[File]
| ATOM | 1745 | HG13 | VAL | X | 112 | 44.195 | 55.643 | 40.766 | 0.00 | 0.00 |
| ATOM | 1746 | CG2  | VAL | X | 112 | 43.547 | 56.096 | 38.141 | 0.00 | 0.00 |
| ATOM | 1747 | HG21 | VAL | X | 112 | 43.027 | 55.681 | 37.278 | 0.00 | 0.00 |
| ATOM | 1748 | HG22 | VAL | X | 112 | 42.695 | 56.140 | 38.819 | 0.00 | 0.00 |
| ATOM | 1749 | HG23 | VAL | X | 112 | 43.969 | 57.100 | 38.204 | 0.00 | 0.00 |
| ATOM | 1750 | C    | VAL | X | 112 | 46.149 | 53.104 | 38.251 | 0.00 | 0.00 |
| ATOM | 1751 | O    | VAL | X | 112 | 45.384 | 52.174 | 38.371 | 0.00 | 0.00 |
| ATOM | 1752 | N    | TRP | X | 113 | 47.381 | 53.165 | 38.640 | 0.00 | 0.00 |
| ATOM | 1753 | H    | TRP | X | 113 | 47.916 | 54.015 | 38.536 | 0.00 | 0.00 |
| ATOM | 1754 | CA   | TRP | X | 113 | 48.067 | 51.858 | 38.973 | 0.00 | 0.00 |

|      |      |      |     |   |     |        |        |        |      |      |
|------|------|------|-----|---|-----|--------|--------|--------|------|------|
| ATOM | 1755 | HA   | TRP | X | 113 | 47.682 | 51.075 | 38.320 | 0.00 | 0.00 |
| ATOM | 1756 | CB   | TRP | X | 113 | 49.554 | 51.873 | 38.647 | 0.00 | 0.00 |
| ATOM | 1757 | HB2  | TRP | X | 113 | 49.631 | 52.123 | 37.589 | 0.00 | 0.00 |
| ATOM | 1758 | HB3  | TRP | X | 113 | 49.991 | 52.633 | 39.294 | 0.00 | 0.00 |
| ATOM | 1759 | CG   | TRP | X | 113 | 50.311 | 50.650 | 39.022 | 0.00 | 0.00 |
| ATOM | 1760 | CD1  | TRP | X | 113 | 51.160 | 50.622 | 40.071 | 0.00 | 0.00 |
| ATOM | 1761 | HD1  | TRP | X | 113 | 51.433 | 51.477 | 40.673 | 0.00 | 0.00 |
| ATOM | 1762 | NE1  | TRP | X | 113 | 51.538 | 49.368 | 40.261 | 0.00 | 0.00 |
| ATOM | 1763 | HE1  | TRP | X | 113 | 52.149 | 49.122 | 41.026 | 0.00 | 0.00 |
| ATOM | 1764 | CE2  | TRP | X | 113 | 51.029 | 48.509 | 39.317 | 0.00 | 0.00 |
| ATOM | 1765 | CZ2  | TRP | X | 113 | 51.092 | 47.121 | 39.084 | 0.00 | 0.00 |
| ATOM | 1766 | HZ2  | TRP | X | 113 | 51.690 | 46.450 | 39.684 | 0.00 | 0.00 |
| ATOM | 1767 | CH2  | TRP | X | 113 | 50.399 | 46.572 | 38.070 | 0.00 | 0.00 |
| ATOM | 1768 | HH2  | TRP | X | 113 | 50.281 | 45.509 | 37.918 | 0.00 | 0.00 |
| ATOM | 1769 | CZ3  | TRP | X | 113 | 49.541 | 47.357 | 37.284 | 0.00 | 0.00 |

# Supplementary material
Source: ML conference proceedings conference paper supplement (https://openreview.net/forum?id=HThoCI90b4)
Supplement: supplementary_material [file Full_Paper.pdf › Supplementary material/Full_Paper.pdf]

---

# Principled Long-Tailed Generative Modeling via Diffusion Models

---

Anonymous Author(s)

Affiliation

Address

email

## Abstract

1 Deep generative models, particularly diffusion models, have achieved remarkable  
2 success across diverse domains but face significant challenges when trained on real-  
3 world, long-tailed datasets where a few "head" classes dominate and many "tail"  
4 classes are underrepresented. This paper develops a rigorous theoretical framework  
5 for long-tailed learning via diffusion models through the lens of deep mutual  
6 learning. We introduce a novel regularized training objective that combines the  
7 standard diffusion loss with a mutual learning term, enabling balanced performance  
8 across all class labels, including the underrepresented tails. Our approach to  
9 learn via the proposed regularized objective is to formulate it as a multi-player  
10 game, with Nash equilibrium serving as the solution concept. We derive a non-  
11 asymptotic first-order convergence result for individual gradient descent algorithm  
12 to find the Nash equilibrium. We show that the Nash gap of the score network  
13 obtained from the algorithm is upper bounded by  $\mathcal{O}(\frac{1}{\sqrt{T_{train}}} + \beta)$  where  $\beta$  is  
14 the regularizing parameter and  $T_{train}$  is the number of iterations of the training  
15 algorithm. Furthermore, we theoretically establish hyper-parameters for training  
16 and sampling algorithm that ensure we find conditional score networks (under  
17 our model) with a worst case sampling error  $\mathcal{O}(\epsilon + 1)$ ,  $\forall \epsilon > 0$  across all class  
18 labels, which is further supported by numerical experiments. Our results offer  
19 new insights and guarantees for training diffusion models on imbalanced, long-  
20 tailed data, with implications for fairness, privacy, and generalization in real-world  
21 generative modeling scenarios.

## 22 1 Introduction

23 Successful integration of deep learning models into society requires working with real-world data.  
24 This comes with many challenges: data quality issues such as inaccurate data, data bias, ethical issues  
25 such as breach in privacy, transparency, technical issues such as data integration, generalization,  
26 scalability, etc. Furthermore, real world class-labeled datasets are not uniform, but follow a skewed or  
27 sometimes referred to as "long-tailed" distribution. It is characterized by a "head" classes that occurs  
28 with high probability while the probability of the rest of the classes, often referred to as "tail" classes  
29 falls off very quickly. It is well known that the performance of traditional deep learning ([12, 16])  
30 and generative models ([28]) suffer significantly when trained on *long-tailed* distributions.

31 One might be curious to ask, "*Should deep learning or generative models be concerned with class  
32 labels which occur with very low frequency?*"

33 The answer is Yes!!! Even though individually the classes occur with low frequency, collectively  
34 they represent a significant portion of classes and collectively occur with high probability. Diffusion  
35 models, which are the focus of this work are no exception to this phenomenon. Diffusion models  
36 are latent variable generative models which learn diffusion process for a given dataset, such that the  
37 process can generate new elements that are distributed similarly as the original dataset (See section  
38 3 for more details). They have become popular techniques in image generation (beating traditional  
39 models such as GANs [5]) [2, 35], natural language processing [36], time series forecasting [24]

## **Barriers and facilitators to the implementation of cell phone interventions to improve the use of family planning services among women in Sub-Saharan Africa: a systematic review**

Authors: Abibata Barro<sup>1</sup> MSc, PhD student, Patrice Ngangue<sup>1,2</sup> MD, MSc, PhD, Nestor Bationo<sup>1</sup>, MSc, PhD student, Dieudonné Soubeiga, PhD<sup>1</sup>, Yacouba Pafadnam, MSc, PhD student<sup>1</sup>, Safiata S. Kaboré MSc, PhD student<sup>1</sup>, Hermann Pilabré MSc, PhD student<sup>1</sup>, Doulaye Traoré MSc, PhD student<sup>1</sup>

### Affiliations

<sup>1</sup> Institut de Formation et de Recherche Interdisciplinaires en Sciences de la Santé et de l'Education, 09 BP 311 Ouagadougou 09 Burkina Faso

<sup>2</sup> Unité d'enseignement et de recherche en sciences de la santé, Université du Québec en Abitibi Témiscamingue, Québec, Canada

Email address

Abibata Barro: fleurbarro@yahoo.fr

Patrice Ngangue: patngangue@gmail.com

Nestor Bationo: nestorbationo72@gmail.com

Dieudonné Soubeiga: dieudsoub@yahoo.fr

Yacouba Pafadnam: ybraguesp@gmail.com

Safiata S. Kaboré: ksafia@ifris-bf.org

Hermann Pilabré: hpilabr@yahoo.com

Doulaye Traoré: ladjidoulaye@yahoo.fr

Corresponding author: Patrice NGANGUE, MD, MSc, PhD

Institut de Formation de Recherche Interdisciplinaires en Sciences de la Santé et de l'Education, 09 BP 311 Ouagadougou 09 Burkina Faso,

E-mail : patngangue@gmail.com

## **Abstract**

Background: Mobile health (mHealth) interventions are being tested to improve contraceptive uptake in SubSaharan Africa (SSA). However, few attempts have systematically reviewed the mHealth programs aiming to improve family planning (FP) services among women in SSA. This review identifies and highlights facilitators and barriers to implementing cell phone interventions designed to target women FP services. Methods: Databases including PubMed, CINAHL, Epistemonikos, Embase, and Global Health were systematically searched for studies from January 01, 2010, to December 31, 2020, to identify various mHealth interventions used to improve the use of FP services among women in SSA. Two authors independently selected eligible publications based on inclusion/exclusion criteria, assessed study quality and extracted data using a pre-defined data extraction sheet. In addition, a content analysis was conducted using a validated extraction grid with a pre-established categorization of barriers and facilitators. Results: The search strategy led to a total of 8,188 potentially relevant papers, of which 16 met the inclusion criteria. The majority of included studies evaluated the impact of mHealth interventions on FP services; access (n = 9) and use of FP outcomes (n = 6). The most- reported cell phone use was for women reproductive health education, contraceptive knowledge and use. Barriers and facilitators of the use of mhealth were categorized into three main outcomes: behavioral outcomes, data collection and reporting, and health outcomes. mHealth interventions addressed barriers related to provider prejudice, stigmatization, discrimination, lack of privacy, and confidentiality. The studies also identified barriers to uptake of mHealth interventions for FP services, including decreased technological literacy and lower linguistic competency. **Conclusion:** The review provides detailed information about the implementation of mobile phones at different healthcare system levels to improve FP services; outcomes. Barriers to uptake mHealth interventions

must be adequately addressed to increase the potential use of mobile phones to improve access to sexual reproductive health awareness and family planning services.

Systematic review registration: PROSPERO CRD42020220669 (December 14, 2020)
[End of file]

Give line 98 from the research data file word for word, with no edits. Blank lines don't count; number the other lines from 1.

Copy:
Systematic review registration: PROSPERO CRD42020220669 (December 14, 2020)